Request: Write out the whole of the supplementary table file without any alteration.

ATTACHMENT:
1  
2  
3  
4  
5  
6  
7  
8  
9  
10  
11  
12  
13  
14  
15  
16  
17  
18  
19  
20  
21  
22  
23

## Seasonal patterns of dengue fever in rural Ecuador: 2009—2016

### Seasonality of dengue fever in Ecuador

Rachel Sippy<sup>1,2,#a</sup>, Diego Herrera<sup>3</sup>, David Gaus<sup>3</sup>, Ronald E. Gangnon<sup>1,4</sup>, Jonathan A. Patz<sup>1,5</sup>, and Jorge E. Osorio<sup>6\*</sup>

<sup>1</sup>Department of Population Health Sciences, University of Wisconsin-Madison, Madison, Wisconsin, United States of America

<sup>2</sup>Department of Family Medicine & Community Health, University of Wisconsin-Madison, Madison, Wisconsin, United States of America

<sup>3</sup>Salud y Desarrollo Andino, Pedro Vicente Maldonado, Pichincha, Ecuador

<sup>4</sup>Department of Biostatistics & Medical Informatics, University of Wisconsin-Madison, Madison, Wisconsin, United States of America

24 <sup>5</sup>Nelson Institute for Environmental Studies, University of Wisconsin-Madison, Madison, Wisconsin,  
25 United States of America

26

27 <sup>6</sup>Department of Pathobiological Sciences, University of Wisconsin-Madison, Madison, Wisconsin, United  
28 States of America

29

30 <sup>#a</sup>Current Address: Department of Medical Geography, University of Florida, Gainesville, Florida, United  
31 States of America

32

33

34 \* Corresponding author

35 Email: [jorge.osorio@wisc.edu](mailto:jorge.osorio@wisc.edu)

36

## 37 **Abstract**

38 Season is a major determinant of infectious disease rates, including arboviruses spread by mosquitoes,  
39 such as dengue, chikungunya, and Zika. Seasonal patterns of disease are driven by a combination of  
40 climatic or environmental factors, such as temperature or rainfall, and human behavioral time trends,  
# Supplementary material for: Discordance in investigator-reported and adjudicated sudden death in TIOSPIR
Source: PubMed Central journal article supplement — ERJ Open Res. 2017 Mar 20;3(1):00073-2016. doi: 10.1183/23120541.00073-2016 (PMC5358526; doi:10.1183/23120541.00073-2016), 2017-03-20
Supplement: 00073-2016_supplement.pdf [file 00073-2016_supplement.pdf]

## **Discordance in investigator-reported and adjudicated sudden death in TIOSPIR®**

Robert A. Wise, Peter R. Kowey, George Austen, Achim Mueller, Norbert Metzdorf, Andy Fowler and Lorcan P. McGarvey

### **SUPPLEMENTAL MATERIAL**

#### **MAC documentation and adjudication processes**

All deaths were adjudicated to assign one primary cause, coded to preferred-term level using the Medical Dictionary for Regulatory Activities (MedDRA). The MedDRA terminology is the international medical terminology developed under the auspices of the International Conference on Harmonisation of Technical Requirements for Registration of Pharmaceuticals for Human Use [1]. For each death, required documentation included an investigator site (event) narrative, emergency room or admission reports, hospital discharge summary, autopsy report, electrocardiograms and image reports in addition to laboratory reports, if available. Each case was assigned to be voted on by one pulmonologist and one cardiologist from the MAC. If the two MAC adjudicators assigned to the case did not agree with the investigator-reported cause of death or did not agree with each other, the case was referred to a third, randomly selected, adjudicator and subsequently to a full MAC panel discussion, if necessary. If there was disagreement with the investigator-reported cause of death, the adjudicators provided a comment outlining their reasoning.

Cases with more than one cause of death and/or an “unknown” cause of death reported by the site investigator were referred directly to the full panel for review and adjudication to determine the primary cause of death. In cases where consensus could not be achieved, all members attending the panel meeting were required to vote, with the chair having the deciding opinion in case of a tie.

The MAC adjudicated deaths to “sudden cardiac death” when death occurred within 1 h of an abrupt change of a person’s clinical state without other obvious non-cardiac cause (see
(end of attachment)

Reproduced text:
1  
2  
3  
4  
5  
6  
7  
8  
9  
10  
11  
12  
13  
14  
15  
16  
17  
18  
19  
20  
21  
22  
23

## Seasonal patterns of dengue fever in rural Ecuador: 2009—2016

### Seasonality of dengue fever in Ecuador

Rachel Sippy<sup>1,2,#a</sup>, Diego Herrera<sup>3</sup>, David Gaus<sup>3</sup>, Ronald E. Gangnon<sup>1,4</sup>, Jonathan A. Patz<sup>1,5</sup>, and Jorge E. Osorio<sup>6\*</sup>

<sup>1</sup>Department of Population Health Sciences, University of Wisconsin-Madison, Madison, Wisconsin, United States of America

<sup>2</sup>Department of Family Medicine & Community Health, University of Wisconsin-Madison, Madison, Wisconsin, United States of America

<sup>3</sup>Salud y Desarrollo Andino, Pedro Vicente Maldonado, Pichincha, Ecuador

<sup>4</sup>Department of Biostatistics & Medical Informatics, University of Wisconsin-Madison, Madison, Wisconsin, United States of America

24 <sup>5</sup>Nelson Institute for Environmental Studies, University of Wisconsin-Madison, Madison, Wisconsin,  
25 United States of America

26

27 <sup>6</sup>Department of Pathobiological Sciences, University of Wisconsin-Madison, Madison, Wisconsin, United  
28 States of America

29

30 <sup>#a</sup>Current Address: Department of Medical Geography, University of Florida, Gainesville, Florida, United  
31 States of America

32

33

34 \* Corresponding author

35 Email: [jorge.osorio@wisc.edu](mailto:jorge.osorio@wisc.edu)

36

## 37 **Abstract**

38 Season is a major determinant of infectious disease rates, including arboviruses spread by mosquitoes,  
39 such as dengue, chikungunya, and Zika. Seasonal patterns of disease are driven by a combination of  
40 climatic or environmental factors, such as temperature or rainfall, and human behavioral time trends,  
# Supplementary material for: Discordance in investigator-reported and adjudicated sudden death in TIOSPIR
Source: PubMed Central journal article supplement — ERJ Open Res. 2017 Mar 20;3(1):00073-2016. doi: 10.1183/23120541.00073-2016 (PMC5358526; doi:10.1183/23120541.00073-2016), 2017-03-20
Supplement: 00073-2016_supplement.pdf [file 00073-2016_supplement.pdf]

## **Discordance in investigator-reported and adjudicated sudden death in TIOSPIR®**

Robert A. Wise, Peter R. Kowey, George Austen, Achim Mueller, Norbert Metzdorf, Andy Fowler and Lorcan P. McGarvey

### **SUPPLEMENTAL MATERIAL**

#### **MAC documentation and adjudication processes**

All deaths were adjudicated to assign one primary cause, coded to preferred-term level using the Medical Dictionary for Regulatory Activities (MedDRA). The MedDRA terminology is the international medical terminology developed under the auspices of the International Conference on Harmonisation of Technical Requirements for Registration of Pharmaceuticals for Human Use [1]. For each death, required documentation included an investigator site (event) narrative, emergency room or admission reports, hospital discharge summary, autopsy report, electrocardiograms and image reports in addition to laboratory reports, if available. Each case was assigned to be voted on by one pulmonologist and one cardiologist from the MAC. If the two MAC adjudicators assigned to the case did not agree with the investigator-reported cause of death or did not agree with each other, the case was referred to a third, randomly selected, adjudicator and subsequently to a full MAC panel discussion, if necessary. If there was disagreement with the investigator-reported cause of death, the adjudicators provided a comment outlining their reasoning.

Cases with more than one cause of death and/or an “unknown” cause of death reported by the site investigator were referred directly to the full panel for review and adjudication to determine the primary cause of death. In cases where consensus could not be achieved, all members attending the panel meeting were required to vote, with the chair having the deciding opinion in case of a tie.

The MAC adjudicated deaths to “sudden cardiac death” when death occurred within 1 h of an abrupt change of a person’s clinical state without other obvious non-cardiac cause (see